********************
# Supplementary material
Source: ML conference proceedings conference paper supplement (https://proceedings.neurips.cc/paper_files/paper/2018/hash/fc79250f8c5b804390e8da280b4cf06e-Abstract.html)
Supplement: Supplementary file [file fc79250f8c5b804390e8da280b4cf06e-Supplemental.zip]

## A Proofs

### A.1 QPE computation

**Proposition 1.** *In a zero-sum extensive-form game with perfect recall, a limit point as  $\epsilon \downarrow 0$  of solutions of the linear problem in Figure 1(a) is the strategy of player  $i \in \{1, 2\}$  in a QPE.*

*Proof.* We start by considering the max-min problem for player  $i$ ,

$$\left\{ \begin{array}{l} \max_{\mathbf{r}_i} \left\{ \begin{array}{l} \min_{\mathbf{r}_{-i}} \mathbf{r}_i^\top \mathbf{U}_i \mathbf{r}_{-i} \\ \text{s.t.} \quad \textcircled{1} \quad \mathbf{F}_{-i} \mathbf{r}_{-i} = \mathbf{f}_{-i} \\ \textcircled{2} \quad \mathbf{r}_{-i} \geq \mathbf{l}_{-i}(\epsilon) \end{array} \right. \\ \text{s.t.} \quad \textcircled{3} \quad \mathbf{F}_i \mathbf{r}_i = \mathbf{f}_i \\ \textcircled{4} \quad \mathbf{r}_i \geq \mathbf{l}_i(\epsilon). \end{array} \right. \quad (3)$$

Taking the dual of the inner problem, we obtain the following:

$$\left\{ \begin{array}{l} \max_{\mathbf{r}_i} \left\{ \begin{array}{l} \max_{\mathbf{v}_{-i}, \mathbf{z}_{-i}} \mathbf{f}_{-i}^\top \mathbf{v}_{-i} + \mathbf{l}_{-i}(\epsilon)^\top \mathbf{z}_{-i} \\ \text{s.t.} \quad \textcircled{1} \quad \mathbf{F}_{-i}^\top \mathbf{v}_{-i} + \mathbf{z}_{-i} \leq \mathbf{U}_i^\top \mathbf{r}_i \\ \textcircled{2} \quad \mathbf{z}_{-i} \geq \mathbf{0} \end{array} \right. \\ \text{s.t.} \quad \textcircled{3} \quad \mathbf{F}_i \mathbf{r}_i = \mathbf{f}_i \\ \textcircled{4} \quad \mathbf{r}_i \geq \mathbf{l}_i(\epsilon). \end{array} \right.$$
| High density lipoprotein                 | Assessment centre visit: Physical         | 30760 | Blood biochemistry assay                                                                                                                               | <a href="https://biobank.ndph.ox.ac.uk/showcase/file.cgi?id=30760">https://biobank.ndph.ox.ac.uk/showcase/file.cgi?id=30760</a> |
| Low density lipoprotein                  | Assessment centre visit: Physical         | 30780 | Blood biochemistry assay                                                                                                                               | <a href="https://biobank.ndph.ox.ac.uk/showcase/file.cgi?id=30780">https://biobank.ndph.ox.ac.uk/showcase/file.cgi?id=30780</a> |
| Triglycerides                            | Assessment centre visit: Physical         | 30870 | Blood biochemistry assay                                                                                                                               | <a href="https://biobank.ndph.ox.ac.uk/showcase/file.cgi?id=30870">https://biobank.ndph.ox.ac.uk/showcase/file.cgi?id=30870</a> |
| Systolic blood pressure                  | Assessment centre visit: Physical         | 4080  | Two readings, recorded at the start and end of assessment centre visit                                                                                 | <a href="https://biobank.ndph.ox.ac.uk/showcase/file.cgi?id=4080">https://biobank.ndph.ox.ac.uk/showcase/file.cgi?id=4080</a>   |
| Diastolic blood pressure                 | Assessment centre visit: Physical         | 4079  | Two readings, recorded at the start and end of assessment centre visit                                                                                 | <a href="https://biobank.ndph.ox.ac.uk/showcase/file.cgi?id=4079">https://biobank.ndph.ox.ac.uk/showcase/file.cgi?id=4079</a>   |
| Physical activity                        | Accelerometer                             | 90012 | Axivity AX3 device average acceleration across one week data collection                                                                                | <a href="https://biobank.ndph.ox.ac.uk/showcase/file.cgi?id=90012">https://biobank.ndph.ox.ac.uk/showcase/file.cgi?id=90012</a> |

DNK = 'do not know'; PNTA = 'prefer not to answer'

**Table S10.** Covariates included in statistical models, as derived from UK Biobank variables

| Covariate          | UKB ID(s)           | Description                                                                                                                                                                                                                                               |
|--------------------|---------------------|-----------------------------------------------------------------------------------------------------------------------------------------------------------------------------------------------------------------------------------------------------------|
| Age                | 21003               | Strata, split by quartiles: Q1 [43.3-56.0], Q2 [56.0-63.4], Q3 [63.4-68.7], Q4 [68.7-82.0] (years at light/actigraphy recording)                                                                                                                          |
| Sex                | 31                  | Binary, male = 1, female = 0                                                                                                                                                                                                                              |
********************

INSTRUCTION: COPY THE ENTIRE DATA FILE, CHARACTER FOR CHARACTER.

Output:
# Supplementary material
Source: ML conference proceedings conference paper supplement (https://proceedings.neurips.cc/paper_files/paper/2018/hash/fc79250f8c5b804390e8da280b4cf06e-Abstract.html)
Supplement: Supplementary file [file fc79250f8c5b804390e8da280b4cf06e-Supplemental.zip]

## A Proofs

### A.1 QPE computation

**Proposition 1.** *In a zero-sum extensive-form game with perfect recall, a limit point as  $\epsilon \downarrow 0$  of solutions of the linear problem in Figure 1(a) is the strategy of player  $i \in \{1, 2\}$  in a QPE.*

*Proof.* We start by considering the max-min problem for player  $i$ ,

$$\left\{ \begin{array}{l} \max_{\mathbf{r}_i} \left\{ \begin{array}{l} \min_{\mathbf{r}_{-i}} \mathbf{r}_i^\top \mathbf{U}_i \mathbf{r}_{-i} \\ \text{s.t.} \quad \textcircled{1} \quad \mathbf{F}_{-i} \mathbf{r}_{-i} = \mathbf{f}_{-i} \\ \textcircled{2} \quad \mathbf{r}_{-i} \geq \mathbf{l}_{-i}(\epsilon) \end{array} \right. \\ \text{s.t.} \quad \textcircled{3} \quad \mathbf{F}_i \mathbf{r}_i = \mathbf{f}_i \\ \textcircled{4} \quad \mathbf{r}_i \geq \mathbf{l}_i(\epsilon). \end{array} \right. \quad (3)$$

Taking the dual of the inner problem, we obtain the following:

$$\left\{ \begin{array}{l} \max_{\mathbf{r}_i} \left\{ \begin{array}{l} \max_{\mathbf{v}_{-i}, \mathbf{z}_{-i}} \mathbf{f}_{-i}^\top \mathbf{v}_{-i} + \mathbf{l}_{-i}(\epsilon)^\top \mathbf{z}_{-i} \\ \text{s.t.} \quad \textcircled{1} \quad \mathbf{F}_{-i}^\top \mathbf{v}_{-i} + \mathbf{z}_{-i} \leq \mathbf{U}_i^\top \mathbf{r}_i \\ \textcircled{2} \quad \mathbf{z}_{-i} \geq \mathbf{0} \end{array} \right. \\ \text{s.t.} \quad \textcircled{3} \quad \mathbf{F}_i \mathbf{r}_i = \mathbf{f}_i \\ \textcircled{4} \quad \mathbf{r}_i \geq \mathbf{l}_i(\epsilon). \end{array} \right.$$
| High density lipoprotein                 | Assessment centre visit: Physical         | 30760 | Blood biochemistry assay                                                                                                                               | <a href="https://biobank.ndph.ox.ac.uk/showcase/file.cgi?id=30760">https://biobank.ndph.ox.ac.uk/showcase/file.cgi?id=30760</a> |
| Low density lipoprotein                  | Assessment centre visit: Physical         | 30780 | Blood biochemistry assay                                                                                                                               | <a href="https://biobank.ndph.ox.ac.uk/showcase/file.cgi?id=30780">https://biobank.ndph.ox.ac.uk/showcase/file.cgi?id=30780</a> |
| Triglycerides                            | Assessment centre visit: Physical         | 30870 | Blood biochemistry assay                                                                                                                               | <a href="https://biobank.ndph.ox.ac.uk/showcase/file.cgi?id=30870">https://biobank.ndph.ox.ac.uk/showcase/file.cgi?id=30870</a> |
| Systolic blood pressure                  | Assessment centre visit: Physical         | 4080  | Two readings, recorded at the start and end of assessment centre visit                                                                                 | <a href="https://biobank.ndph.ox.ac.uk/showcase/file.cgi?id=4080">https://biobank.ndph.ox.ac.uk/showcase/file.cgi?id=4080</a>   |
| Diastolic blood pressure                 | Assessment centre visit: Physical         | 4079  | Two readings, recorded at the start and end of assessment centre visit                                                                                 | <a href="https://biobank.ndph.ox.ac.uk/showcase/file.cgi?id=4079">https://biobank.ndph.ox.ac.uk/showcase/file.cgi?id=4079</a>   |
| Physical activity                        | Accelerometer                             | 90012 | Axivity AX3 device average acceleration across one week data collection                                                                                | <a href="https://biobank.ndph.ox.ac.uk/showcase/file.cgi?id=90012">https://biobank.ndph.ox.ac.uk/showcase/file.cgi?id=90012</a> |

DNK = 'do not know'; PNTA = 'prefer not to answer'

**Table S10.** Covariates included in statistical models, as derived from UK Biobank variables

| Covariate          | UKB ID(s)           | Description                                                                                                                                                                                                                                               |
|--------------------|---------------------|-----------------------------------------------------------------------------------------------------------------------------------------------------------------------------------------------------------------------------------------------------------|
| Age                | 21003               | Strata, split by quartiles: Q1 [43.3-56.0], Q2 [56.0-63.4], Q3 [63.4-68.7], Q4 [68.7-82.0] (years at light/actigraphy recording)                                                                                                                          |
| Sex                | 31                  | Binary, male = 1, female = 0                                                                                                                                                                                                                              |